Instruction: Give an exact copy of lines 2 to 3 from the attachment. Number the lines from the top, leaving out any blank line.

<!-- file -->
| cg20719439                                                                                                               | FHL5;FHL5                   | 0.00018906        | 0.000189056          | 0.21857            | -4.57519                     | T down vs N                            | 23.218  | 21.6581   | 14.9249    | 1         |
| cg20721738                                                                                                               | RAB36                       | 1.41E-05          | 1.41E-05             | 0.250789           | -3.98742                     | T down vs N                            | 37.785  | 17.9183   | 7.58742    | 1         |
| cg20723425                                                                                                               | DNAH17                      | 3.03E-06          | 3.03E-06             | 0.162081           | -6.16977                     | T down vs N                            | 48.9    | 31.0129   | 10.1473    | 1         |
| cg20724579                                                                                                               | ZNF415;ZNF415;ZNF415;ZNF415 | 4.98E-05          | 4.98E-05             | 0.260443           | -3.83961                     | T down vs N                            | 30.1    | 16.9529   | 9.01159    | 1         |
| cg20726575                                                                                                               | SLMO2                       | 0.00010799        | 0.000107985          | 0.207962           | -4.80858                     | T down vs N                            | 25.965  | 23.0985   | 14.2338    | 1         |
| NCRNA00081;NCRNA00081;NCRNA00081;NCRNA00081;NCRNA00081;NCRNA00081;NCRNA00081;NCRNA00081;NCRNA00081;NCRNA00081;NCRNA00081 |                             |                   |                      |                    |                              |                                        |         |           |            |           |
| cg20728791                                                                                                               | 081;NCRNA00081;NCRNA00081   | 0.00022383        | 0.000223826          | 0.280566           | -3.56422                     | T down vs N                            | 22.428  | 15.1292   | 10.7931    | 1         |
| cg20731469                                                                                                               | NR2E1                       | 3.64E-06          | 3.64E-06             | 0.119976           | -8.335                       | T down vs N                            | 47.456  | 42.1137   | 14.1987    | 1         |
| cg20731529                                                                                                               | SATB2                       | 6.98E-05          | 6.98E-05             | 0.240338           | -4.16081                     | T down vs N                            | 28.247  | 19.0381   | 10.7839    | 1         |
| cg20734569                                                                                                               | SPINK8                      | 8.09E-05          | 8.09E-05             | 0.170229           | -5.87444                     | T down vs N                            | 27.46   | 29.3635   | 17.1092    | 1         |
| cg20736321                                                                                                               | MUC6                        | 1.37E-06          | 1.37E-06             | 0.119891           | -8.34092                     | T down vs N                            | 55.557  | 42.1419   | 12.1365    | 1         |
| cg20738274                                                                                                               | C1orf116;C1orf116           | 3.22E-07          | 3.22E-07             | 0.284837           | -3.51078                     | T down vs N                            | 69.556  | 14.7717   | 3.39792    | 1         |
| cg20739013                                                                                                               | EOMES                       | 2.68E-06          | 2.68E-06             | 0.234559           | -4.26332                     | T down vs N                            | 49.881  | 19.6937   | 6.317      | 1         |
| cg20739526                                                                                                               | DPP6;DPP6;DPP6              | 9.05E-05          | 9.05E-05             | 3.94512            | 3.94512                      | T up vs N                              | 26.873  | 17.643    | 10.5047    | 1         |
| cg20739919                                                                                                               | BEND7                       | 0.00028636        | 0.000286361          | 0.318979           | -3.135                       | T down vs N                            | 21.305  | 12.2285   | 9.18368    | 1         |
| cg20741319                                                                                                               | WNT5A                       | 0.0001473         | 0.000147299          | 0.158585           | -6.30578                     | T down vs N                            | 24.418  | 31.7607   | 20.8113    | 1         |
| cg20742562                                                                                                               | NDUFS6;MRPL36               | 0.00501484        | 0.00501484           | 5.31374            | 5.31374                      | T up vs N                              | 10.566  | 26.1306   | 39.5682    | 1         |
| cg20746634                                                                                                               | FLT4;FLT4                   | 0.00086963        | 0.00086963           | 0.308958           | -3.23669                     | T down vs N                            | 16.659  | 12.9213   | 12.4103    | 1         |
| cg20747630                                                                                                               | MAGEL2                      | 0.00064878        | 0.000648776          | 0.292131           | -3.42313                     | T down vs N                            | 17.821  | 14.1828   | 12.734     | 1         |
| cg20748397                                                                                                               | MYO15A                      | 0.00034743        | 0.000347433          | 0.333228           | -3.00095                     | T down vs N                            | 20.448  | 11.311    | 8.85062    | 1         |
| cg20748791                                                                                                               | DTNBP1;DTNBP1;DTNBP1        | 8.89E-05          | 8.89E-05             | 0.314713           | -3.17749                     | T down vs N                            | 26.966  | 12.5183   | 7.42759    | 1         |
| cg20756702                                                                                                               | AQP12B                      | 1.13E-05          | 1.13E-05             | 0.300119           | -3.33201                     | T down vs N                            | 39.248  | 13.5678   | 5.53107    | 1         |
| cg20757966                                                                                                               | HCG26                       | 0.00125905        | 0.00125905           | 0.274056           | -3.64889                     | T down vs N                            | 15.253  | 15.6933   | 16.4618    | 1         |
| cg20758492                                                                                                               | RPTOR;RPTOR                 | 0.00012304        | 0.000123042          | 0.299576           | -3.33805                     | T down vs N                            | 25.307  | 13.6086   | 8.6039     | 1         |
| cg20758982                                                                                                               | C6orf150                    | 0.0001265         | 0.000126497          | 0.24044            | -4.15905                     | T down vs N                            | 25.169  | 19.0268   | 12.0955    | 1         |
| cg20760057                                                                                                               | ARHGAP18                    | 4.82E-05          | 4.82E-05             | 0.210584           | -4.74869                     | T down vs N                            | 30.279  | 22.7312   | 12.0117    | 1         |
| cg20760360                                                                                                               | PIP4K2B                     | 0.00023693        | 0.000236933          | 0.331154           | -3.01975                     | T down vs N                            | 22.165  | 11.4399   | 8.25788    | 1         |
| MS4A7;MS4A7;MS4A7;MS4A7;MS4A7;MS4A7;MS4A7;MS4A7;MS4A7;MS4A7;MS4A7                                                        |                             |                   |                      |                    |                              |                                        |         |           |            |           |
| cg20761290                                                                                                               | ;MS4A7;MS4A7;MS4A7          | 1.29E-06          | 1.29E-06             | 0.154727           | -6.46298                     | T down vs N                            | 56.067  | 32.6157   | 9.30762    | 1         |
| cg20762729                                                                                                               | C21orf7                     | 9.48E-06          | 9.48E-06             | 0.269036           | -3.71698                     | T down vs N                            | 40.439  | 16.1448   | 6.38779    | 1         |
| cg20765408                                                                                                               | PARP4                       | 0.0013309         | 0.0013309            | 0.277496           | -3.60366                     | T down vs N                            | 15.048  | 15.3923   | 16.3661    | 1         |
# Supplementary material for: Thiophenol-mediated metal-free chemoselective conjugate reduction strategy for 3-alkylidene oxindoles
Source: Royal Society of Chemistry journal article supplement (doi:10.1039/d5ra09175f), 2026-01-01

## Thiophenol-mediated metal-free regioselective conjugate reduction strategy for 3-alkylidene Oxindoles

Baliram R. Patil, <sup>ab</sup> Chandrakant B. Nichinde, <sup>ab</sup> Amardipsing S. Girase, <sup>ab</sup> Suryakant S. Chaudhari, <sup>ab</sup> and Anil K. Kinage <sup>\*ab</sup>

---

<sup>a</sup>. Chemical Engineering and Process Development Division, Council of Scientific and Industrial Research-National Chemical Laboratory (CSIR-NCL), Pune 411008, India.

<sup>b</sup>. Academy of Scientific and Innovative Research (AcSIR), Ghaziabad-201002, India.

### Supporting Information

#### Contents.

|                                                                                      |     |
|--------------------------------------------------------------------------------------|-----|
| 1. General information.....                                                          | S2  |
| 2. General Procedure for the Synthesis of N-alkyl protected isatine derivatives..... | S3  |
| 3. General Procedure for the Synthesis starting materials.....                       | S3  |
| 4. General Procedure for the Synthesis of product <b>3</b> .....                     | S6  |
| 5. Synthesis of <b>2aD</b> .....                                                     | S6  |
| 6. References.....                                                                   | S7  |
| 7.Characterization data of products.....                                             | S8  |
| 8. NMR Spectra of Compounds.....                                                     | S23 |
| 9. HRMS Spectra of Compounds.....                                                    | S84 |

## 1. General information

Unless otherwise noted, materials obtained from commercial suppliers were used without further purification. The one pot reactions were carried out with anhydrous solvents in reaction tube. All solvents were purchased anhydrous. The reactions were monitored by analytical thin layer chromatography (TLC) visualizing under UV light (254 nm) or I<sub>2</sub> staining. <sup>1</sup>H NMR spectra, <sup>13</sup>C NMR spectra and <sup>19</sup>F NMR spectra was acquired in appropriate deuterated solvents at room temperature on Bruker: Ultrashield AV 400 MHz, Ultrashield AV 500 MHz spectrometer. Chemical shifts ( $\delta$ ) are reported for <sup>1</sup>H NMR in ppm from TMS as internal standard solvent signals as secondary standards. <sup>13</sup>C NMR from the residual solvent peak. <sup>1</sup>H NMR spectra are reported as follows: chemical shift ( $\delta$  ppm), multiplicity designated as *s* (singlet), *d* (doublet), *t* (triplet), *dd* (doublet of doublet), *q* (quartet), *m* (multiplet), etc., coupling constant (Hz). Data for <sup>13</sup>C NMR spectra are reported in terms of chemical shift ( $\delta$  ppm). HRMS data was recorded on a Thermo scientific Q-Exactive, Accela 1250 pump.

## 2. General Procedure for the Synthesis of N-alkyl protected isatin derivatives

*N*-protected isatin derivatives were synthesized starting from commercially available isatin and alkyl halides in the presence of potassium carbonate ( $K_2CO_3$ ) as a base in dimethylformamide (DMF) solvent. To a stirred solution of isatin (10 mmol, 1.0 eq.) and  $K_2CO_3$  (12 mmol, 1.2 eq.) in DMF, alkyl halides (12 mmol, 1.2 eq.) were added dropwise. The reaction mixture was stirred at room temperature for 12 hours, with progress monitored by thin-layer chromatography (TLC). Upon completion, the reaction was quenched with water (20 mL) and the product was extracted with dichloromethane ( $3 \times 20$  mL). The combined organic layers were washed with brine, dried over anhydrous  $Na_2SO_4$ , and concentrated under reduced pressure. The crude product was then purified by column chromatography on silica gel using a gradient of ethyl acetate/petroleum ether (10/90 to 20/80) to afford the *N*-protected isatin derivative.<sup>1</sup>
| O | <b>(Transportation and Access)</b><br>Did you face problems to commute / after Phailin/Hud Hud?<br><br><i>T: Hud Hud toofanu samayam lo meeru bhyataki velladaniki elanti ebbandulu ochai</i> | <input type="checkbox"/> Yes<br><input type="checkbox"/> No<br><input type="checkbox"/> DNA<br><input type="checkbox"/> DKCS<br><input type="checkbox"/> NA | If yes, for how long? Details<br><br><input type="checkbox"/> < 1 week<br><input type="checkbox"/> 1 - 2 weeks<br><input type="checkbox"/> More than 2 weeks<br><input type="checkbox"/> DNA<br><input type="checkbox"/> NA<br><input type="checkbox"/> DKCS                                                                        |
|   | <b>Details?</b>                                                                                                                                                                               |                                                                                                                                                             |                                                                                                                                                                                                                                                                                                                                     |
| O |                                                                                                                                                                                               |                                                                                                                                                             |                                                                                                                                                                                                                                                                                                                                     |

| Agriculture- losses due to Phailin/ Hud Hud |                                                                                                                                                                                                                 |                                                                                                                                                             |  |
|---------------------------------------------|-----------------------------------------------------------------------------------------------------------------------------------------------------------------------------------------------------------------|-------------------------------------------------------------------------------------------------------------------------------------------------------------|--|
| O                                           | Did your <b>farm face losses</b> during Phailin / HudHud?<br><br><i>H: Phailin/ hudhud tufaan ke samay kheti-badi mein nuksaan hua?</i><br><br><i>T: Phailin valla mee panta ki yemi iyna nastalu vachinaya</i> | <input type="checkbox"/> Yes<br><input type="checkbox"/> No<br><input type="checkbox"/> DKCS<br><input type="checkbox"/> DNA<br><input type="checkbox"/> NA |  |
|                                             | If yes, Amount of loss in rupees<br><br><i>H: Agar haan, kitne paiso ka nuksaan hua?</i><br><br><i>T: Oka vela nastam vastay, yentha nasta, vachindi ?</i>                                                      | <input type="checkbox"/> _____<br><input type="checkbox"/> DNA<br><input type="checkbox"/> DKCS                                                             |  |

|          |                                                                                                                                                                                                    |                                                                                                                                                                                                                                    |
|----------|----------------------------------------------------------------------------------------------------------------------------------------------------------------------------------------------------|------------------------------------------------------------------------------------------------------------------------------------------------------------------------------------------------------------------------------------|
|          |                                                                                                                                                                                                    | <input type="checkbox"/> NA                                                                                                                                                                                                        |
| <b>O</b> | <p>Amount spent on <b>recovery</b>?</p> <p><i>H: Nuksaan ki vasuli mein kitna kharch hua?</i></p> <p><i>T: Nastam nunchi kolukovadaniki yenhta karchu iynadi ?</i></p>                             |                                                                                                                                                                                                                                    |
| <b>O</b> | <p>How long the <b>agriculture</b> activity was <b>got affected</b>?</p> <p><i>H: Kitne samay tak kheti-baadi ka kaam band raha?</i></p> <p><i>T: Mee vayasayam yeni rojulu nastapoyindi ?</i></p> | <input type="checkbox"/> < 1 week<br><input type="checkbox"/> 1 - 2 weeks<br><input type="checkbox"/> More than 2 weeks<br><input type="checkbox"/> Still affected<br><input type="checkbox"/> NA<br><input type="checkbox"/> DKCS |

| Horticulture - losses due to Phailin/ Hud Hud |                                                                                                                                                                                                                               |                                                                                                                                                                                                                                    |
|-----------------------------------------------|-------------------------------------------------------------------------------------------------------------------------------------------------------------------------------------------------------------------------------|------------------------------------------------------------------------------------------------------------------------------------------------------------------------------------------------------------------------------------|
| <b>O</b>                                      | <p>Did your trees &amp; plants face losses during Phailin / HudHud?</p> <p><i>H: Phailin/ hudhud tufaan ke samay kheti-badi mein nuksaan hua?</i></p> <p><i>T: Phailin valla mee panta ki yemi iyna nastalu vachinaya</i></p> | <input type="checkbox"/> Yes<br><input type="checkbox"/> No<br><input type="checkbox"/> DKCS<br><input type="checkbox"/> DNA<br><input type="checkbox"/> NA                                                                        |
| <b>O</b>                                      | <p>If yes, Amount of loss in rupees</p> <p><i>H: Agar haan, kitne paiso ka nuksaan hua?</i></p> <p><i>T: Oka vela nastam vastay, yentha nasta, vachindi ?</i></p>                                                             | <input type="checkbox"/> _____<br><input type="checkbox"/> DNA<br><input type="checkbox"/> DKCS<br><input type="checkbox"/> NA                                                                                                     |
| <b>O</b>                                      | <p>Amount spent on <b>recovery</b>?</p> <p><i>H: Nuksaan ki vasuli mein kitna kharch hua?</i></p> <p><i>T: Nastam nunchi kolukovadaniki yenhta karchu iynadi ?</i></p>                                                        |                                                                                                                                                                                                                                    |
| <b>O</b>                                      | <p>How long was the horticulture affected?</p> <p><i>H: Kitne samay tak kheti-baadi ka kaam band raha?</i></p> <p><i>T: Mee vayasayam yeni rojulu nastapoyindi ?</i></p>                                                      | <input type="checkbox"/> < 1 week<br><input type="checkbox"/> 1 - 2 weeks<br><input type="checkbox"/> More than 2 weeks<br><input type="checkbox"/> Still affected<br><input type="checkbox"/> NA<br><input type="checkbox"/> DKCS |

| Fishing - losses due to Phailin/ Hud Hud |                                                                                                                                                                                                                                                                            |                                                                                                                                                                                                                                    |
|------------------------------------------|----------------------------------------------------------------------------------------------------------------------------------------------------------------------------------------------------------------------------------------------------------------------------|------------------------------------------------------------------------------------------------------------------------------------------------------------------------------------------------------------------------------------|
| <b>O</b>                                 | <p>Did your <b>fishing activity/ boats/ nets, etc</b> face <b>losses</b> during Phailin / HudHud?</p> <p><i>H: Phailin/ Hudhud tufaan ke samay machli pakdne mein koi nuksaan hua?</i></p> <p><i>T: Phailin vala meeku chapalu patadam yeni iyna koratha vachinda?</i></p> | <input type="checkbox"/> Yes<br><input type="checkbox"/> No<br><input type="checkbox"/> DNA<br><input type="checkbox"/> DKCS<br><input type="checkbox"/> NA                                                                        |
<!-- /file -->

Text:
| cg20721738                                                                                                               | RAB36                       | 1.41E-05          | 1.41E-05             | 0.250789           | -3.98742                     | T down vs N                            | 37.785  | 17.9183   | 7.58742    | 1         |
| cg20723425                                                                                                               | DNAH17                      | 3.03E-06          | 3.03E-06             | 0.162081           | -6.16977                     | T down vs N                            | 48.9    | 31.0129   | 10.1473    | 1         |